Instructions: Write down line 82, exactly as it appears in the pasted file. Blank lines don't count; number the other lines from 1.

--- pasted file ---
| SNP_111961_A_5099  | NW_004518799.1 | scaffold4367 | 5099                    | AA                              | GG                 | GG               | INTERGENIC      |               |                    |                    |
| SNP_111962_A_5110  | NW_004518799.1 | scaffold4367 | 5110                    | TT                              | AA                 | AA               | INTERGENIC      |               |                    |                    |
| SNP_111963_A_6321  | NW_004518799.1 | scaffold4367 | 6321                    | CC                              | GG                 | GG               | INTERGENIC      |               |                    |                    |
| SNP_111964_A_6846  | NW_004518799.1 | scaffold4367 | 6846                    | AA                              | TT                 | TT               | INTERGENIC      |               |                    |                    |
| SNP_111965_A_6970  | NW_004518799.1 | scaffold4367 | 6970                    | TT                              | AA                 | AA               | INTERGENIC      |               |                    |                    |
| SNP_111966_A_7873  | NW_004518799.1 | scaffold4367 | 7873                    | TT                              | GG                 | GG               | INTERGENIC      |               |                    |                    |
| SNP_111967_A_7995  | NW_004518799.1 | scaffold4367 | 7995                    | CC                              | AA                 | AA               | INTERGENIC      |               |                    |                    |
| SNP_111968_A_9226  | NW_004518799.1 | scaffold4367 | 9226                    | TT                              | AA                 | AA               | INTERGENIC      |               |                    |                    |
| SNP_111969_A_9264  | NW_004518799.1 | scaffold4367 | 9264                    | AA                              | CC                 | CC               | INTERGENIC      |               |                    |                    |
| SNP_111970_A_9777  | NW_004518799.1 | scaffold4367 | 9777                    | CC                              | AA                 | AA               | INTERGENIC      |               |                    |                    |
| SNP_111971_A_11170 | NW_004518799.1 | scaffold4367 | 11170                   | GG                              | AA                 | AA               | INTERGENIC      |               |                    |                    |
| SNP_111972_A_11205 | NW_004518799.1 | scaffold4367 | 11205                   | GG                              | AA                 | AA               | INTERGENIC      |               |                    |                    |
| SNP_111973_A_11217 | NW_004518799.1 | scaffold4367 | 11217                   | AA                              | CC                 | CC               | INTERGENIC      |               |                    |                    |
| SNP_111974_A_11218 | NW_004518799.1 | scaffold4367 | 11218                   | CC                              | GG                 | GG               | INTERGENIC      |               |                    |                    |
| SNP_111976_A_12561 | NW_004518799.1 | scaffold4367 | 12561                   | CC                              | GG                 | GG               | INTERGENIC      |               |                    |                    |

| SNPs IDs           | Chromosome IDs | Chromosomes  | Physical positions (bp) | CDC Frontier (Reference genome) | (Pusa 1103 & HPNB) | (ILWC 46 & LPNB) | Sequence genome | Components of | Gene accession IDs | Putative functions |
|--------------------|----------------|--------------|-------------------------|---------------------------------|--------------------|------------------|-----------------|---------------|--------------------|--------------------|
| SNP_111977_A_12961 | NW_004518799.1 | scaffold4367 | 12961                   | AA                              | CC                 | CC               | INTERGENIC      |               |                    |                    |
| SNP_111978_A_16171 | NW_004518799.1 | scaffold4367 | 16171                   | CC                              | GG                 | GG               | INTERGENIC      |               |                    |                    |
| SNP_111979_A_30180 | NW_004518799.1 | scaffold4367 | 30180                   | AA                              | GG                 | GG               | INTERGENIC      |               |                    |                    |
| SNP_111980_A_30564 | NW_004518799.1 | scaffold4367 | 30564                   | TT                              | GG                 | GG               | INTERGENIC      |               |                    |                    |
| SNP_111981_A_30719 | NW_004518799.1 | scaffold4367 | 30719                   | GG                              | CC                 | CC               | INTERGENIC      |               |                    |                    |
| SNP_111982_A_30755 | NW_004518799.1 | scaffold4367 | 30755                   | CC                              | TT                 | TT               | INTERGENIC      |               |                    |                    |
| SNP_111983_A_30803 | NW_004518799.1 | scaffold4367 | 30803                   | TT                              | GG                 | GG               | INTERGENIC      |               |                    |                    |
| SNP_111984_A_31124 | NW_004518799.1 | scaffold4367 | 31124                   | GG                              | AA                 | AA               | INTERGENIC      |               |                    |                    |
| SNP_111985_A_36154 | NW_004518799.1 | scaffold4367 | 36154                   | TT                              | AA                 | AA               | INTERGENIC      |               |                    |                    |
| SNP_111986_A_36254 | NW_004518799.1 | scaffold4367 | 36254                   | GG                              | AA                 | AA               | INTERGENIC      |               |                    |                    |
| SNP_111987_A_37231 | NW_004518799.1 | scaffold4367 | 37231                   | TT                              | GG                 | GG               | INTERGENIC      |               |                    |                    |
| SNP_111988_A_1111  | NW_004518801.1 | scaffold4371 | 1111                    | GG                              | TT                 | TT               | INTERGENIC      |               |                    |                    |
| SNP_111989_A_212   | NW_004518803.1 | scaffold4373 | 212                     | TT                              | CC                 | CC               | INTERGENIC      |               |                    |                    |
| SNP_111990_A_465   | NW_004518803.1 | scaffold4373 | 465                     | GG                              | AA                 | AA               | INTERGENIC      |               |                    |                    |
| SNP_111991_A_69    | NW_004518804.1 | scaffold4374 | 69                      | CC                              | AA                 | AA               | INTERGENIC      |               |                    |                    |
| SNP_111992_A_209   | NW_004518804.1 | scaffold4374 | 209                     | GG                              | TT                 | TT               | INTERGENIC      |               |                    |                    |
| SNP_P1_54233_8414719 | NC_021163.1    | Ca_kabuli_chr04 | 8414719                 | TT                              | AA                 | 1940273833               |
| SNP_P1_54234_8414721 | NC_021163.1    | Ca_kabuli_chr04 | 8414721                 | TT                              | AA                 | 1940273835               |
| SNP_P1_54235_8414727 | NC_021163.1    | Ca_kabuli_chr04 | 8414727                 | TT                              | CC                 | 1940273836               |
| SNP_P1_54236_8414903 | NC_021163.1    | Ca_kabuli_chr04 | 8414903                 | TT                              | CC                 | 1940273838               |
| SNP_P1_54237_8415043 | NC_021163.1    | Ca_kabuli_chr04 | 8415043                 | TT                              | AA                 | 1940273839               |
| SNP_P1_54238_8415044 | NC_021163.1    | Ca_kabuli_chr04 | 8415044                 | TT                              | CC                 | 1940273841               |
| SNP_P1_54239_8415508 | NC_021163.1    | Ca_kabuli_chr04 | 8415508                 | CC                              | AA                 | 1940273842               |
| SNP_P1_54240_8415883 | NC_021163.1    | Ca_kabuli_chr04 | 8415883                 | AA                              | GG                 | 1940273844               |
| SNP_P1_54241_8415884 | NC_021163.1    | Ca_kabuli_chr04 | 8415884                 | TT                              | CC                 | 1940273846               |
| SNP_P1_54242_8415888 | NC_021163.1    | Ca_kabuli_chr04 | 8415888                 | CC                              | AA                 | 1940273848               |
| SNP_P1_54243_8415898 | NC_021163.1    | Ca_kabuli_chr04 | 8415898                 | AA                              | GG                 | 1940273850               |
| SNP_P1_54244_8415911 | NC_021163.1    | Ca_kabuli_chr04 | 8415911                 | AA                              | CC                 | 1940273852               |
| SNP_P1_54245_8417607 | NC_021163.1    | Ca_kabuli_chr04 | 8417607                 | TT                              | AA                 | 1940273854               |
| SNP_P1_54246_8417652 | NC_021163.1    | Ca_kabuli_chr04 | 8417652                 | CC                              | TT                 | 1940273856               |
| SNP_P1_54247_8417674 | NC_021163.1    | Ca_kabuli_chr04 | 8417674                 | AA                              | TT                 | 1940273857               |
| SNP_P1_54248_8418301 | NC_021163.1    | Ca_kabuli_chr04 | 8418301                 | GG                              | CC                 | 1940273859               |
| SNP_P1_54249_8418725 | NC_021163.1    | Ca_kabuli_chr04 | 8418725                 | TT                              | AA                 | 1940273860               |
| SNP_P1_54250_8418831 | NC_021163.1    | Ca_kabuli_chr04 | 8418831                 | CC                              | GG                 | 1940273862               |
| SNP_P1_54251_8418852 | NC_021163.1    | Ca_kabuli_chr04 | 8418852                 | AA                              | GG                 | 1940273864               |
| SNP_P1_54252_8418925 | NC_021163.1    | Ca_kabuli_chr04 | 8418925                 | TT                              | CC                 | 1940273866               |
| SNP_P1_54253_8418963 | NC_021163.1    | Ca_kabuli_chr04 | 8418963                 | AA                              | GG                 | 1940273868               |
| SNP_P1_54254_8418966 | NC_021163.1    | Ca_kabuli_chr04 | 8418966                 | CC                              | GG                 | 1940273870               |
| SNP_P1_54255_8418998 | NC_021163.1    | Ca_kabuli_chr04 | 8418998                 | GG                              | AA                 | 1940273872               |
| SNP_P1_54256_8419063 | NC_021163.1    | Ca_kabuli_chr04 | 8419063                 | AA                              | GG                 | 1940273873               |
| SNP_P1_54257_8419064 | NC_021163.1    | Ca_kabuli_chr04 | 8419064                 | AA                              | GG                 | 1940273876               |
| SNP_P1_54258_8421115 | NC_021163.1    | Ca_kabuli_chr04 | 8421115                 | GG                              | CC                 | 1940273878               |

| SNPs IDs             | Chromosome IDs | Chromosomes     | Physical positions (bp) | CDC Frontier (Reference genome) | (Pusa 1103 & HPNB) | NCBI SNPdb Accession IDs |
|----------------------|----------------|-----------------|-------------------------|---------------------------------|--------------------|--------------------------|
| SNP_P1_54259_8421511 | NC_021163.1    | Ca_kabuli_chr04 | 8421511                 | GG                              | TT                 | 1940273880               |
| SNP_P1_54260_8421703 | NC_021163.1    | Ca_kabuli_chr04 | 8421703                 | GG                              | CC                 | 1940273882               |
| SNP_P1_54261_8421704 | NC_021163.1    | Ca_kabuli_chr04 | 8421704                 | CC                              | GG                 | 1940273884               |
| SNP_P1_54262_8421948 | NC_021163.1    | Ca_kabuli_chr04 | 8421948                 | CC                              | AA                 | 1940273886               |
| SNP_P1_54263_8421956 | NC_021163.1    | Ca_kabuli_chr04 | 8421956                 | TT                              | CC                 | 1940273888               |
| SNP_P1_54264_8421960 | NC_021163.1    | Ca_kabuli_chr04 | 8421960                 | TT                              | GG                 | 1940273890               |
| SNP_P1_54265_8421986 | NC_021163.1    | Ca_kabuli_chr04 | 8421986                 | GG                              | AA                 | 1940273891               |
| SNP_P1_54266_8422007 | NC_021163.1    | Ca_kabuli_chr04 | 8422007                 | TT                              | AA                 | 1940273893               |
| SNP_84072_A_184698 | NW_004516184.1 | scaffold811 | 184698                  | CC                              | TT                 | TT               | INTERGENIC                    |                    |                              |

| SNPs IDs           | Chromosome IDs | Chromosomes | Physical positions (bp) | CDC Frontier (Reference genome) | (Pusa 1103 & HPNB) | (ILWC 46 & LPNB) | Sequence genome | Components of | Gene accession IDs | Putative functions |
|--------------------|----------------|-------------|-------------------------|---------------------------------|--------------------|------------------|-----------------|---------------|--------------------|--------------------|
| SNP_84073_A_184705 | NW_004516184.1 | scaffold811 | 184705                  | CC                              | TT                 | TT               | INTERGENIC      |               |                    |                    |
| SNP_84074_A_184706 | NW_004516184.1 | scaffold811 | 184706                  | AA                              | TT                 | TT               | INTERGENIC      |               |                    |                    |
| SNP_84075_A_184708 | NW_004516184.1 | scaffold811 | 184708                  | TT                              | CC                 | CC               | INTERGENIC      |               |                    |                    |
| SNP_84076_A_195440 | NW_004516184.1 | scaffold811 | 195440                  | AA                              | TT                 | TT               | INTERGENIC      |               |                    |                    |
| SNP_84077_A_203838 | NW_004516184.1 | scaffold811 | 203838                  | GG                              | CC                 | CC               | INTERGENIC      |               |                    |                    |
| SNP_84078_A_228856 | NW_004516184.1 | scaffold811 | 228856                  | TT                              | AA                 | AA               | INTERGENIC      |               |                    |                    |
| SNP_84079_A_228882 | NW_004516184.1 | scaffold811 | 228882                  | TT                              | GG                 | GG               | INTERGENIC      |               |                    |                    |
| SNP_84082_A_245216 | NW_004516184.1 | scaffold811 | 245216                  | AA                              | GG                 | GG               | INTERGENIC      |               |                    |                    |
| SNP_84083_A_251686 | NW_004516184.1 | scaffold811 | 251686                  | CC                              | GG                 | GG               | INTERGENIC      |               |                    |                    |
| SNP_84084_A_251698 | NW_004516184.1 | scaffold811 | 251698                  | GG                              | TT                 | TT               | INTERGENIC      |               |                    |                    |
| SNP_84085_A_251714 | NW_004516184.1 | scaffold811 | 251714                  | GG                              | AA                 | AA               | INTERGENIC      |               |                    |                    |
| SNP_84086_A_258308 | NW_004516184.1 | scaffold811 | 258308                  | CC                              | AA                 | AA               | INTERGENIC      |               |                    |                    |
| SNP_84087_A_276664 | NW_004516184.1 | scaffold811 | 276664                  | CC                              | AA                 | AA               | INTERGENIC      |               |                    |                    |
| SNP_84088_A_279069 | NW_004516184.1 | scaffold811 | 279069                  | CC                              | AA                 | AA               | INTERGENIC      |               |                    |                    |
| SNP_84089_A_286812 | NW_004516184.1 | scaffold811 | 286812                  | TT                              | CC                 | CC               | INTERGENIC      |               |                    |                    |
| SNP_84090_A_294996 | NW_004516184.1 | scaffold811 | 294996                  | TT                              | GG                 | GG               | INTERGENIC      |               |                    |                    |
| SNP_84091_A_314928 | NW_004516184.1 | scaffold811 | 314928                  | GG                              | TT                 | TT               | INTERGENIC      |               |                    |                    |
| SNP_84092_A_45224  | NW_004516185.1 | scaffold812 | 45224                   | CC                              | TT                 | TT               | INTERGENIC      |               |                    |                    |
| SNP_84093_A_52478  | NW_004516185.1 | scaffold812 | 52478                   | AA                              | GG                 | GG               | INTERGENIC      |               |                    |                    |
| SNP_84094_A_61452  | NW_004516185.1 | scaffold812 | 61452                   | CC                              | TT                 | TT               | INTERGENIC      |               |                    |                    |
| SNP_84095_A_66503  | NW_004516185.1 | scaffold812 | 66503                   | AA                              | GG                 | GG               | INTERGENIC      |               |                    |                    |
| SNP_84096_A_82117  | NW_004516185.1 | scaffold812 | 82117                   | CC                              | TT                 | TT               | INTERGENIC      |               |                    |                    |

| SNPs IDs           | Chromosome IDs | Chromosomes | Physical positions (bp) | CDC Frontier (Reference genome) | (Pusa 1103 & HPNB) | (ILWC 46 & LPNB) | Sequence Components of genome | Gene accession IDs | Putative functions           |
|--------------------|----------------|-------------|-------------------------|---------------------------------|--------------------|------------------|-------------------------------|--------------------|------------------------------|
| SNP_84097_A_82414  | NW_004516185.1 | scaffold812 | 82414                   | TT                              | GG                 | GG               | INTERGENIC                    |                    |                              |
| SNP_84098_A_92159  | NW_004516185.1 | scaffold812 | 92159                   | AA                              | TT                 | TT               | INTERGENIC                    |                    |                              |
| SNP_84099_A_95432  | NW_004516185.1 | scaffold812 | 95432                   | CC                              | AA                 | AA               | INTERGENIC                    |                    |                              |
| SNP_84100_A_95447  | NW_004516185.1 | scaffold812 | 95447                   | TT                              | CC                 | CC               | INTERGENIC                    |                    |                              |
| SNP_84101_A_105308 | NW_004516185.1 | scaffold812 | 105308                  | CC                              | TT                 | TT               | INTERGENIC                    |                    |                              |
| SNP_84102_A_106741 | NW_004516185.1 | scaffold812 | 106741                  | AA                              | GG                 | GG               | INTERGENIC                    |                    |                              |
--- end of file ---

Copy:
| SNP_84084_A_251698 | NW_004516184.1 | scaffold811 | 251698                  | GG                              | TT                 | TT               | INTERGENIC      |               |                    |                    |